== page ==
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Acquiring competences for the creation of criminal offences begs the question of legitimacy. The European criminal justice system already has such competences and many instruments define criminal offences. The legality principle is a cornerstone doctrine for legitimising criminal norms in Western legal systems. Despite already being part of the European legal order, this principle lacks a coherent theoretical and normative blueprint that shows how it should be conceived in European criminal law.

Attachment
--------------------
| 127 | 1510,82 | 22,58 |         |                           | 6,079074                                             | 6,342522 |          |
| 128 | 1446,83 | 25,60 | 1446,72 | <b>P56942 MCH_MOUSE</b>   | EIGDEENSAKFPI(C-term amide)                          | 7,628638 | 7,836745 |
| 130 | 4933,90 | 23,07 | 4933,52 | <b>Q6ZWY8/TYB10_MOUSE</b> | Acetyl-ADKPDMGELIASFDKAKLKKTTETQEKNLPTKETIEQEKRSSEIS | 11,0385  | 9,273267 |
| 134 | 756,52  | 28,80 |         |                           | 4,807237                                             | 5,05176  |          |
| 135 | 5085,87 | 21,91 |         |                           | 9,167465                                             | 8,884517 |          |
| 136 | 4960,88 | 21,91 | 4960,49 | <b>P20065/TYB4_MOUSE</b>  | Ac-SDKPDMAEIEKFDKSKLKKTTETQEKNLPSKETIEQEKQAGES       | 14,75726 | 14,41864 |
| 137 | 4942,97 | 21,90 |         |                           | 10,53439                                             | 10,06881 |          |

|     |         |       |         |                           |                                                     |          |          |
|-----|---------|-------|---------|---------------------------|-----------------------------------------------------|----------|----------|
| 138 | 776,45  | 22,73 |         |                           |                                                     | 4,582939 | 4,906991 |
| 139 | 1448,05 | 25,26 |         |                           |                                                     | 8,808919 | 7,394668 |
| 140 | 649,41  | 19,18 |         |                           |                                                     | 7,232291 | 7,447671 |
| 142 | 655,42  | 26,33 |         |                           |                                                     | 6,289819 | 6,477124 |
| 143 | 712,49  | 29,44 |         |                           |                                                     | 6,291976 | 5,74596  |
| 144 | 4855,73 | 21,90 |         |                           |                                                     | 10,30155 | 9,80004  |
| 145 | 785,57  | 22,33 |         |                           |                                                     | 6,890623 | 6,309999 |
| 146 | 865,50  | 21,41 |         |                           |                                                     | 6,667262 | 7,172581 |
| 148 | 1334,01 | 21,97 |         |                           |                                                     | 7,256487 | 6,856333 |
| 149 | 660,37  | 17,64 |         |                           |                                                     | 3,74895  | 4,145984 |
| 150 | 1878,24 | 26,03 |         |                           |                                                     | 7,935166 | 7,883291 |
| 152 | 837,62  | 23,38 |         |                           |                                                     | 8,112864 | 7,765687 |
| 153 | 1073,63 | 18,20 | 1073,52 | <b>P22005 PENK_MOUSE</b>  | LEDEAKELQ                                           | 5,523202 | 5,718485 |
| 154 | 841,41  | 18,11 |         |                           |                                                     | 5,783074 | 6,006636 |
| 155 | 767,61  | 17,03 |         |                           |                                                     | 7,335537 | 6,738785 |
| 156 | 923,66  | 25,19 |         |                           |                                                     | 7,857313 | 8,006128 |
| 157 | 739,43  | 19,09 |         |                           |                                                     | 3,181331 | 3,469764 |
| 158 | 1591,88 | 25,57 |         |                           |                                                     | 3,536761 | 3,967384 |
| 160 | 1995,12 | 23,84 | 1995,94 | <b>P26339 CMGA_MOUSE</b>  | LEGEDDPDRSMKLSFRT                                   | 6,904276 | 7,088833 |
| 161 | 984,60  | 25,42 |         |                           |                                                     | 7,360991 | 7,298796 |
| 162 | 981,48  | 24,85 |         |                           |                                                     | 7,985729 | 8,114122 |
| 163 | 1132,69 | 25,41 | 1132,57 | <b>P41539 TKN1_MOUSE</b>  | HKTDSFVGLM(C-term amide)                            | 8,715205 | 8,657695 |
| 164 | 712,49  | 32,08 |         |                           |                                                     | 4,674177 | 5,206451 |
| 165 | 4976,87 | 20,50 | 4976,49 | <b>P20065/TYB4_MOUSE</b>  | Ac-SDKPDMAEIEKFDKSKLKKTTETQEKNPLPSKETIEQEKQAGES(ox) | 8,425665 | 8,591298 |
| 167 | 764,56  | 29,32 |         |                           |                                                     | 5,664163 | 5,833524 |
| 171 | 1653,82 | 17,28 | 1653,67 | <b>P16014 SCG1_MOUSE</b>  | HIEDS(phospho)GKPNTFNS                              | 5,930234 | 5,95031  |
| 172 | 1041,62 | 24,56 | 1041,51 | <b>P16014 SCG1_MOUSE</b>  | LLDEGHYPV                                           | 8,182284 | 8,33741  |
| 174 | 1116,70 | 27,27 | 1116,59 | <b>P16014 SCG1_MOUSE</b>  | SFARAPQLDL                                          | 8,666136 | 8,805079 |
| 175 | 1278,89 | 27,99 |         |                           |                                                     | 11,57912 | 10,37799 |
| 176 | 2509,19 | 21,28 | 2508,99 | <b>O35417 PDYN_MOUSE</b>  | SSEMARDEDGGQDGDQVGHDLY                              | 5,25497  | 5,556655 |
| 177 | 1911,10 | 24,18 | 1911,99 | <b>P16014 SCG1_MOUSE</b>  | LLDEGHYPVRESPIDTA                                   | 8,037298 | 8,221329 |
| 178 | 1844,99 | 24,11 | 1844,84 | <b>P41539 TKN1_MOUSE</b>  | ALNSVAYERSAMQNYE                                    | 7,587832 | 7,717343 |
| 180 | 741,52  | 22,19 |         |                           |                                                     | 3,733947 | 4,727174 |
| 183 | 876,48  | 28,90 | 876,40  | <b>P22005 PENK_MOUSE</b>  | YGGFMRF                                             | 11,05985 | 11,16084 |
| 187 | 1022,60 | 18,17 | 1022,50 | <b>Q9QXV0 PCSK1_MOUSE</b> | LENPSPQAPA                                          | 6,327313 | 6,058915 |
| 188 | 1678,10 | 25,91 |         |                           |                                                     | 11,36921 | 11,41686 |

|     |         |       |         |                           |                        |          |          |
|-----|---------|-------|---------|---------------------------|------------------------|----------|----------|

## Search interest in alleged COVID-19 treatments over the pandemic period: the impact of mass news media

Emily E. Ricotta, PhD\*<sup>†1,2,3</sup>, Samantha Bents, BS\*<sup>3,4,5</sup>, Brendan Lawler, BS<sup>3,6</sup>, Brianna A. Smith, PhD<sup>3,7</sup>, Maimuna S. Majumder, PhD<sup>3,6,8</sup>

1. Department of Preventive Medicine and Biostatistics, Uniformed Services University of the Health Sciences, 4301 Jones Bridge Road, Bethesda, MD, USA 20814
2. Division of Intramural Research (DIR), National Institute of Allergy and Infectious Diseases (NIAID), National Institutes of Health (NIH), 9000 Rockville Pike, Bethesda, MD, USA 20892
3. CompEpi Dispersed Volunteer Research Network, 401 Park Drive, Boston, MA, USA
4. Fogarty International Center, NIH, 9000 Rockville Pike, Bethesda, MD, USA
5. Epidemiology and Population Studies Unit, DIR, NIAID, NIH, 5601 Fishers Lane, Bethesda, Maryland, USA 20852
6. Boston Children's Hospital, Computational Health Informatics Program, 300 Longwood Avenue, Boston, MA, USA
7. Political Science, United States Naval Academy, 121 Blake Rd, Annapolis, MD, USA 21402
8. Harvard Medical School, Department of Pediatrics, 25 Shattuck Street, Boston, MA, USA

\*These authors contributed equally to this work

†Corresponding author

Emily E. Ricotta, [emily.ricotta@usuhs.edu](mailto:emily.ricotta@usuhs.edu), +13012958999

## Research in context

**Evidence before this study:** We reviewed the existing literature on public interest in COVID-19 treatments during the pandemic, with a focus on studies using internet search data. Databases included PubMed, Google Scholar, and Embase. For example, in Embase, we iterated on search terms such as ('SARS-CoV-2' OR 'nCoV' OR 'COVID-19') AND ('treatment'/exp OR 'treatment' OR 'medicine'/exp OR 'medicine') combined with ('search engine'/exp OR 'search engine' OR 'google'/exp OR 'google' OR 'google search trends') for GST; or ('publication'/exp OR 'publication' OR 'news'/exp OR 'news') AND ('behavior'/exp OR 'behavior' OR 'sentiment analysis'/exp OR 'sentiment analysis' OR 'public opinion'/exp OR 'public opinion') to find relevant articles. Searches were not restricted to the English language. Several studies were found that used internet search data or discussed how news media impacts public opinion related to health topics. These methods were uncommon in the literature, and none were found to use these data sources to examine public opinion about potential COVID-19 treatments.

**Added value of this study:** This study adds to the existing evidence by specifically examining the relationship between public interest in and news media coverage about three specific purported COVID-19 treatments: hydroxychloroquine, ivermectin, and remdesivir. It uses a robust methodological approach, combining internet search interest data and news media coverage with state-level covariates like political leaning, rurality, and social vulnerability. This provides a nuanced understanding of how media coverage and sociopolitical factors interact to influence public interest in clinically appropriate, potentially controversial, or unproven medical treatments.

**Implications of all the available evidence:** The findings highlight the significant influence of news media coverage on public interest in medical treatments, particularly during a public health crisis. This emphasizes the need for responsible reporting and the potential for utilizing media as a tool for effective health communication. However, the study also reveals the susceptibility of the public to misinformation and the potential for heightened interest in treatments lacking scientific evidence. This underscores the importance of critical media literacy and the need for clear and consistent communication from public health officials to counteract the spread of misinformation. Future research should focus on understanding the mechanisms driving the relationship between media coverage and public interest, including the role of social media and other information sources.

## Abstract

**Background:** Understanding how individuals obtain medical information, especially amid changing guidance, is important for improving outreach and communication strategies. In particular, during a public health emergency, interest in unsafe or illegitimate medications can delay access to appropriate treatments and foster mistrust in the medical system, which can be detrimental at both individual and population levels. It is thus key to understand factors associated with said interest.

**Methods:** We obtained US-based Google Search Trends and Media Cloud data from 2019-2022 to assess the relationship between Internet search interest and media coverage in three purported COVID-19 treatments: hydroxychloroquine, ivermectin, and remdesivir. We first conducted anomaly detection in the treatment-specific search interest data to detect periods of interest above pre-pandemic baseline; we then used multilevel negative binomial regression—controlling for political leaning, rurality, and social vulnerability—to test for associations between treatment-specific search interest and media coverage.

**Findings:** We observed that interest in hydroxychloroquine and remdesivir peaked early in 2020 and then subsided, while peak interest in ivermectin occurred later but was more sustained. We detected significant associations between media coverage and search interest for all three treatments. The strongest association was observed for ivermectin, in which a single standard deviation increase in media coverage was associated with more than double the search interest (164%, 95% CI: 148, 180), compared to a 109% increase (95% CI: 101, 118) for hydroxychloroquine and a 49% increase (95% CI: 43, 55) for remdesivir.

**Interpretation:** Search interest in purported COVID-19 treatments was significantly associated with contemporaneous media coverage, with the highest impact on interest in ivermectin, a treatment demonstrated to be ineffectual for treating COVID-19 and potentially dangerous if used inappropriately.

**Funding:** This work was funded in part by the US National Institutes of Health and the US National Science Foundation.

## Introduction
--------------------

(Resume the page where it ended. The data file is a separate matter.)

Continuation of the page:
This book develops such a theory for the principle of legality in European criminal law. The focus is on the legitimising and normative functions of this principle. The reader shall find a proposal for a theoretical framework that legitimises European criminal law and the accompanying normative requirements of criminal liability. Questions such as the precision of European and national implementing norms, the position of case law as a source of law and the scope of interpretative powers of European and national courts are addressed. The book uses comparative research into national systems and modern theories of criminal law to build a framework for the principle of legality. This is then instilled with special characteristics of the European legal order, such as the multi-level system of authorities and sources, pluralism and freedom of movement.